Set in Brussels, the bureaucratic and cosmopolitan capital of the EU, Grażyna Plebanek's erotic novel shows a different side of this seemingly boring city. Her story of unstoppable physical obsession amongst a group of Brussels eurocrats teems with eroticism and offers an interesting insight into the first Polish generation that is truly 'free' and comfortable in any place in the world. Still, the protagonists have to struggle to know where the boundaries of that freedom lie.
Plebanek tells the story of Jonathan, who takes the role of stay-at-home dad when his wife Megi moves the family from Poland to Brussels to pursue a career as a lawyer in the European Commission. Much as Jonathan tries, his new life seems to leave him with a void which he soon fills with a romance with the sexy, up-and-coming Swedish journalist Andrea. What follows is a tormenting battle between conscience and desire, which more often than not ends in a draw - Find more here
In Poland, Plebanek's novel was praised for the the unembarrassed way in which it talks about sex (described here in minute and multilinguistic detail).
The book was translated into English as Illegal Liaisons by Danusia Stok (Stork Press, 2012)
4. Katarzyna Jakubiak, Nieostre widzenia (2012) - USA
A book of short stories by an academic teacher and translator based in Millersville, Pennsylvania. In these 12 stories Jakubiak explores the cultural and psychological differences between people living in Polish and American culture.
Jakubiak is an accomplished translator, including of authors like Yusef Komunyakaa.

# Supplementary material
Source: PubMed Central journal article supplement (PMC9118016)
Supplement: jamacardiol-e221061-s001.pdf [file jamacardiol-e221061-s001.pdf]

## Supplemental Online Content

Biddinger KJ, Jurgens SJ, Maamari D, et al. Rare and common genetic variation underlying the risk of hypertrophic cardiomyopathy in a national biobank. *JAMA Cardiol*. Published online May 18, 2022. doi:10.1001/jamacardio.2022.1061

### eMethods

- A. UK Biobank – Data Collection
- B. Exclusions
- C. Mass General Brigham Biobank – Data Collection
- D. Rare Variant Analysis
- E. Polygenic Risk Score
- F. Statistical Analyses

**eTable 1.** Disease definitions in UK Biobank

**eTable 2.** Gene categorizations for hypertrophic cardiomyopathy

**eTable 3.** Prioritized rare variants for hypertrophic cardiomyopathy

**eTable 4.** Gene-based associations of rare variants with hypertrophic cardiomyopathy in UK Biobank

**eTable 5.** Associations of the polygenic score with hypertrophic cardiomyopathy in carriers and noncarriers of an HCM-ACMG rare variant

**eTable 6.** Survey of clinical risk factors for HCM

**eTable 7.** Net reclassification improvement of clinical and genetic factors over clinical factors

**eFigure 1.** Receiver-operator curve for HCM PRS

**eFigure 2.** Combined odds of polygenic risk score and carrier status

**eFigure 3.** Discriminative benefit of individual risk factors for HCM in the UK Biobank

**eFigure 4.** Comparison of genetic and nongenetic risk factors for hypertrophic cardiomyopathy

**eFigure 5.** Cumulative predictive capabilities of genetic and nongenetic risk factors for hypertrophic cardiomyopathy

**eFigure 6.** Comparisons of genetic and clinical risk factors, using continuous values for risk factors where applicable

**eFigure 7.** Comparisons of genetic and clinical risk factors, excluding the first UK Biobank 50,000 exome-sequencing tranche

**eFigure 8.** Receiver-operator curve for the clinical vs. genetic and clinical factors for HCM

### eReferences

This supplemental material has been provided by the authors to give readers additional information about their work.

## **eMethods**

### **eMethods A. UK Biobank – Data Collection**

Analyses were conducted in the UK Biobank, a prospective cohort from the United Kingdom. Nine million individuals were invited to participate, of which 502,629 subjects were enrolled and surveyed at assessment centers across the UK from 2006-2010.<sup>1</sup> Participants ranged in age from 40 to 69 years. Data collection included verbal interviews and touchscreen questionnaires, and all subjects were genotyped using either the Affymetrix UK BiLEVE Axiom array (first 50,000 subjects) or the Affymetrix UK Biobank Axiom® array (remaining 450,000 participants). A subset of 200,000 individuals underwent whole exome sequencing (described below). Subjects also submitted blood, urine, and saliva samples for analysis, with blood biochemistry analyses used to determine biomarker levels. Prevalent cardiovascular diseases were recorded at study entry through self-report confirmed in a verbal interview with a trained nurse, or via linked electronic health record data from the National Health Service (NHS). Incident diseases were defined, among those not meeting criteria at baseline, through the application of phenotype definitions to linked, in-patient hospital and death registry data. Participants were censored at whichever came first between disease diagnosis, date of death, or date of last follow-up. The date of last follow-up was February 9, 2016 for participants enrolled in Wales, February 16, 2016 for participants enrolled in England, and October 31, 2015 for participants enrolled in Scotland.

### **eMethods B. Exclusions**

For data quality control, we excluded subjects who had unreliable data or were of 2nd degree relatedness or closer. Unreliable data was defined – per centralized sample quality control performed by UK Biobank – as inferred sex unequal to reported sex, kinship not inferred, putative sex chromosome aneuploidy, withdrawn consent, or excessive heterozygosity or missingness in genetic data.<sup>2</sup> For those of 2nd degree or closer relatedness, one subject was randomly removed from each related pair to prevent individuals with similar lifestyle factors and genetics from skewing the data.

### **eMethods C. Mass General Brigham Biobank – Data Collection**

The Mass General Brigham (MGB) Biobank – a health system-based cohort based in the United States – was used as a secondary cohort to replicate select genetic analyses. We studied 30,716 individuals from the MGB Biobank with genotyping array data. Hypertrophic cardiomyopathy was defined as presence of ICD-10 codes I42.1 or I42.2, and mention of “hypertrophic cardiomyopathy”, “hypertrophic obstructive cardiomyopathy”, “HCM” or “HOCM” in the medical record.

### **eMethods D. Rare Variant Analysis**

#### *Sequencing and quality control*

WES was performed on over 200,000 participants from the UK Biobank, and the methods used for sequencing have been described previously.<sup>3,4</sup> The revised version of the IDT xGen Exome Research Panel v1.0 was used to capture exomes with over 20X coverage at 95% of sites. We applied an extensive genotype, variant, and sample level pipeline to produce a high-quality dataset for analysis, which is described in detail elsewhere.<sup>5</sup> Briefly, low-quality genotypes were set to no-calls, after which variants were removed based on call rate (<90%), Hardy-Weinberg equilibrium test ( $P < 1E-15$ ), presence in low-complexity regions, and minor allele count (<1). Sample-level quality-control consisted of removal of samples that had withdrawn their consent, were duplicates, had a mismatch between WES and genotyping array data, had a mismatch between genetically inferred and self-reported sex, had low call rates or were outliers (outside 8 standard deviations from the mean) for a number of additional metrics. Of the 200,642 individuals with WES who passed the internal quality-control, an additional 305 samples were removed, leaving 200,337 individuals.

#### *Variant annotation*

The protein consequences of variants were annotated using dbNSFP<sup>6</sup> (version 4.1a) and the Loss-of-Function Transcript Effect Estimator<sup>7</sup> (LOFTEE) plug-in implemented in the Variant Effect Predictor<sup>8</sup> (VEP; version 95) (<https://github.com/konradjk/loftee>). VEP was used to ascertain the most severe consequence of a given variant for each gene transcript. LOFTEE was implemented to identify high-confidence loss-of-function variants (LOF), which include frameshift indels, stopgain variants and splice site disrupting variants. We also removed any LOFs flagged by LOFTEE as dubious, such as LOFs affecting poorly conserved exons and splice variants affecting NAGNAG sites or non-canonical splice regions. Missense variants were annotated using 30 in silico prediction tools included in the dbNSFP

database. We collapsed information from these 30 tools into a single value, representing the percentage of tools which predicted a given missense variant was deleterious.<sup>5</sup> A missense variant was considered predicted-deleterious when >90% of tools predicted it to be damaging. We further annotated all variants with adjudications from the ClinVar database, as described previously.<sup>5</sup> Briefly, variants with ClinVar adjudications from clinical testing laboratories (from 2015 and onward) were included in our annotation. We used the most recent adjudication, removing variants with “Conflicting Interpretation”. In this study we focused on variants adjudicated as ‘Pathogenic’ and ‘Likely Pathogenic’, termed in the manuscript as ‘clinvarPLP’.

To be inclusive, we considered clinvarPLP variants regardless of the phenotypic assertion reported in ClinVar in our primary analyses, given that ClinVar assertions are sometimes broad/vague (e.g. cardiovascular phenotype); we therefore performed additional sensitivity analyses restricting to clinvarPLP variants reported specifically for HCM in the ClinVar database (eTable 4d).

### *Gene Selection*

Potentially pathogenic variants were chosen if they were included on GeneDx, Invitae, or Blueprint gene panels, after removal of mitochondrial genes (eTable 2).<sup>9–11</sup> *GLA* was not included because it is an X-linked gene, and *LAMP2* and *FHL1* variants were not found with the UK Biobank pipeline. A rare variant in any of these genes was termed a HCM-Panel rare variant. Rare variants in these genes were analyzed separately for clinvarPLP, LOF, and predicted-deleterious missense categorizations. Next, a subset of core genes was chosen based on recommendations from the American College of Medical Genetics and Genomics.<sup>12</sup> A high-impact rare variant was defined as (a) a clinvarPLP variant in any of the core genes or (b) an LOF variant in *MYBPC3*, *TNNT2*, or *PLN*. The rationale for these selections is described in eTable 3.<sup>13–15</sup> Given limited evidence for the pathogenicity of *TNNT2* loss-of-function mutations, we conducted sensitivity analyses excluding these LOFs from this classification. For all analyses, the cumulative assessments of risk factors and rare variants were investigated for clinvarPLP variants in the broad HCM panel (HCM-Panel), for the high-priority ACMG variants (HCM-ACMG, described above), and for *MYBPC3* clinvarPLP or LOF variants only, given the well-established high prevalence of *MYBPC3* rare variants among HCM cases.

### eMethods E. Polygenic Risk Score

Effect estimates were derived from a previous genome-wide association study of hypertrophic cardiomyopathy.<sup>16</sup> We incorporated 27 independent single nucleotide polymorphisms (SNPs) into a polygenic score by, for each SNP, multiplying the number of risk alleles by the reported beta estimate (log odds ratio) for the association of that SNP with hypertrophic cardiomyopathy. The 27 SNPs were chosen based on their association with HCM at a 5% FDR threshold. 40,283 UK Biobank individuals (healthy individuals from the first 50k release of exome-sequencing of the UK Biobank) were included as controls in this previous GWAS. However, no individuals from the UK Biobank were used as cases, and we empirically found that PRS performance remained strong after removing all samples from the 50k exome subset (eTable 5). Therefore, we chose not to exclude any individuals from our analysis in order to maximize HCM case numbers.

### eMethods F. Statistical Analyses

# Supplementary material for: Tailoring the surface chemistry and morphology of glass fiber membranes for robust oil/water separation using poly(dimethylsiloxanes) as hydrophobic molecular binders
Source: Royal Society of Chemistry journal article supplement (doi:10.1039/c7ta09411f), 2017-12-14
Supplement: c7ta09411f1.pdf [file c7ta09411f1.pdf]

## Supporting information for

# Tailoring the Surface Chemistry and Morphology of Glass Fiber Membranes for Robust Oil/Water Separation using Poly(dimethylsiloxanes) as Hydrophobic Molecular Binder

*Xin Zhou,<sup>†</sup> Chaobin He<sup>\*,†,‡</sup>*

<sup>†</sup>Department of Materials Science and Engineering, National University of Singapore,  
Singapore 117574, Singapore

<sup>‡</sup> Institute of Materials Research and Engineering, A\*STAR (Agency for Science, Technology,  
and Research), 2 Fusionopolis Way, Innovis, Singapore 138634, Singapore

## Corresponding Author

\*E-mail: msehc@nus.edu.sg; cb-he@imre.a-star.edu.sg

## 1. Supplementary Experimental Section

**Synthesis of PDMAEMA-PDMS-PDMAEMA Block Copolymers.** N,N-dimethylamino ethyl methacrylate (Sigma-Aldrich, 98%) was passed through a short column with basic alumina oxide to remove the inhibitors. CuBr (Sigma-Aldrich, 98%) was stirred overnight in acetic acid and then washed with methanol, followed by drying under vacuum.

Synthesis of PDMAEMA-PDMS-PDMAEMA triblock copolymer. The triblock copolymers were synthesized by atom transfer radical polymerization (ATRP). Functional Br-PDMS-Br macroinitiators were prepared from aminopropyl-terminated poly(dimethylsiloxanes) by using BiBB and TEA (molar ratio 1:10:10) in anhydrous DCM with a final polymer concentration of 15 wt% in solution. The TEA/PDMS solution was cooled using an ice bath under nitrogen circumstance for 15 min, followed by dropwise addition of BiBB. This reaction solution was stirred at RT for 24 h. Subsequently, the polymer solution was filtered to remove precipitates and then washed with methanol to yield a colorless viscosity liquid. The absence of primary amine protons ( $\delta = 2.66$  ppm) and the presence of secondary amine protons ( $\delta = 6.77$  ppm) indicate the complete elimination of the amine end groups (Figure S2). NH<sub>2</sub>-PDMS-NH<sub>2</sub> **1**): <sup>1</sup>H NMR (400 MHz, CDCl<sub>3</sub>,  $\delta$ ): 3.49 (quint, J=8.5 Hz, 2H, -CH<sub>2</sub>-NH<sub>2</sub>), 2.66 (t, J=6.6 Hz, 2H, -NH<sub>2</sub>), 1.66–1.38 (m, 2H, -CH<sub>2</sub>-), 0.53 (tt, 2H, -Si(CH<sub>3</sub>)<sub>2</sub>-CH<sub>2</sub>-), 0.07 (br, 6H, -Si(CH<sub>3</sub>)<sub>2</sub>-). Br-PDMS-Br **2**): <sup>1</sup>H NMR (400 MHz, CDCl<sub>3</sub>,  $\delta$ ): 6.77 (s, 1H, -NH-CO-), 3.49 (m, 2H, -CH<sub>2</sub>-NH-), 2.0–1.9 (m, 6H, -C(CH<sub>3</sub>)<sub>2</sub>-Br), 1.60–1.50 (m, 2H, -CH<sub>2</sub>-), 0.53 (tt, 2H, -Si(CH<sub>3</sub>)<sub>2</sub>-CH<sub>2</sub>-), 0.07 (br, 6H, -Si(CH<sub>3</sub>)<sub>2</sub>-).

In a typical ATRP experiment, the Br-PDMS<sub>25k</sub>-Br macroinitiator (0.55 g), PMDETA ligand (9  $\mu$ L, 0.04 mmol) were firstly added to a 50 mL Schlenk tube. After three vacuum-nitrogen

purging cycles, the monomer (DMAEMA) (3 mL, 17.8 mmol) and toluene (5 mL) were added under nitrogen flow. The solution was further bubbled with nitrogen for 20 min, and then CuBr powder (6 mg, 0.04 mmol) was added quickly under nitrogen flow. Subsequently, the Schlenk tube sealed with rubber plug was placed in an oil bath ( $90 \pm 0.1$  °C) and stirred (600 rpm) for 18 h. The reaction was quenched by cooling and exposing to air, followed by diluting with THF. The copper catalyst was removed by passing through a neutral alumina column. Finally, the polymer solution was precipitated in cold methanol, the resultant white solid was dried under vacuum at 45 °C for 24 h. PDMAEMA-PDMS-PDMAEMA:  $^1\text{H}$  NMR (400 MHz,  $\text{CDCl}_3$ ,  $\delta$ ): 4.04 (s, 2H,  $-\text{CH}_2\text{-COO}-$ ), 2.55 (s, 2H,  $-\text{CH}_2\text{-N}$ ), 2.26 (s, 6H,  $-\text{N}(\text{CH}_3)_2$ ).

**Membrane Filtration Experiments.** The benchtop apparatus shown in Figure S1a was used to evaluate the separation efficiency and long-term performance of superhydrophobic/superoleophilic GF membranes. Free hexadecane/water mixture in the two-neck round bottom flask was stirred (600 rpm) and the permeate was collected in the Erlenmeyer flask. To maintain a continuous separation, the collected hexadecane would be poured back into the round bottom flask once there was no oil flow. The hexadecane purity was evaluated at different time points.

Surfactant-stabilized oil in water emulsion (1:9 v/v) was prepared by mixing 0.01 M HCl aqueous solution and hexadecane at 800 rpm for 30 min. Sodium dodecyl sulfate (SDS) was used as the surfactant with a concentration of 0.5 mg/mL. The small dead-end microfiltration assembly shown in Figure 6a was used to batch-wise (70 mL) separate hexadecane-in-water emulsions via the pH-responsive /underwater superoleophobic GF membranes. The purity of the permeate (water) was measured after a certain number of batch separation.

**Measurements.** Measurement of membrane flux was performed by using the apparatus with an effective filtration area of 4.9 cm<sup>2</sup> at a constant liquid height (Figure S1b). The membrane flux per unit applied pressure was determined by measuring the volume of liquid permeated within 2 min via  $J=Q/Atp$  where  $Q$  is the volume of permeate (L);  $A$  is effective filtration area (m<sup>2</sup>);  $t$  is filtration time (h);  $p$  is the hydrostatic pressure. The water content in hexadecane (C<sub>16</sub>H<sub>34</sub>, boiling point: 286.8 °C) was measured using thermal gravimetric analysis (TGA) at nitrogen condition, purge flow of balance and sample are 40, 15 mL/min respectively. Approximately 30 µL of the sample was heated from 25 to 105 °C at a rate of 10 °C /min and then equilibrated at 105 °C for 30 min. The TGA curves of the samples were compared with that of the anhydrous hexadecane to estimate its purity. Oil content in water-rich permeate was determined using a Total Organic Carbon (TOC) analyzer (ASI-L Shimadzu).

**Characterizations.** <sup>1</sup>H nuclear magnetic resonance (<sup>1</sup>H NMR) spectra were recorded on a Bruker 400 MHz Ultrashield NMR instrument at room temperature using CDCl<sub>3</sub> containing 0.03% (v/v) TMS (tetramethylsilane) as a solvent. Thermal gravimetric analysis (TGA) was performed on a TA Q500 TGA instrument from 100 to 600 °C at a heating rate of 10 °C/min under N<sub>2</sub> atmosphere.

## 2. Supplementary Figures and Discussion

5. Jan Krasnowolski, Afrykańska elektronika (2013) - England
Yet another book about the life and work of Polish emigrants in England. But these four longer stories mix realism and magic, as well as genres and perspectives. There’s Polish Communist history and Voodoo too, and Krasnowolski’s writing turns into a real horror story at times, with many references to the "lad lit" by such writers as Ellis, Bukowski, or Stephen King as well as the classics of punk rock (see cover).
Jan Krasnowolski (b. 1972) has been living in England since 2006.
6. Wioletta Grzegorzewska, Guguły (2014) - Isle of Wight, Great Britain
In her second book of prose Wioletta Grzegorzewska, a Polish poet living on the Isle of Wight, returns to her childhood spent in the Polish rural landscape of Jura Częstochowska in the 70's and 80's. The book was praised for its reach, sensual descriptions and a realistic image of childhood far from any idealization. In a recent interview, Grzegorzewska said that the landscape of Wight, where she has been living for the last 8 years, with its cliffs and ravines, reminds her of the Polish Jura region. 'It is here that I started writing about my childhood, growing up, and all my dead".
Grzegorzewska's much praised book of poetry Pamięć Smieny (Smina's Memory) was translated into English and published in the UK in 2011.
6. Katarzyna Tubylewicz Rówieśniczki (2014) - Sweden
In Katarzyna Tubylewicz's second book, three middle-aged Polish women and old friends ('Rówieśniczki' means 'of the same age') meet in Stockholm after many years of separation. The lives of three very different women are shown against the backdrop of patriarchal Poland and the liberal, if not devoid of hypocrisy, Sweden, with such contemporary problems as the relations between sexes, racism and intolerance.
Tubylewicz is a Polish writer and translator from Swedish, based in Stockholm, and a former director of Polish Cultural Institute in Stockholm.
Author: Mikołaj Gliński; Source: Polish Cultural Institute in London, 2.07.2014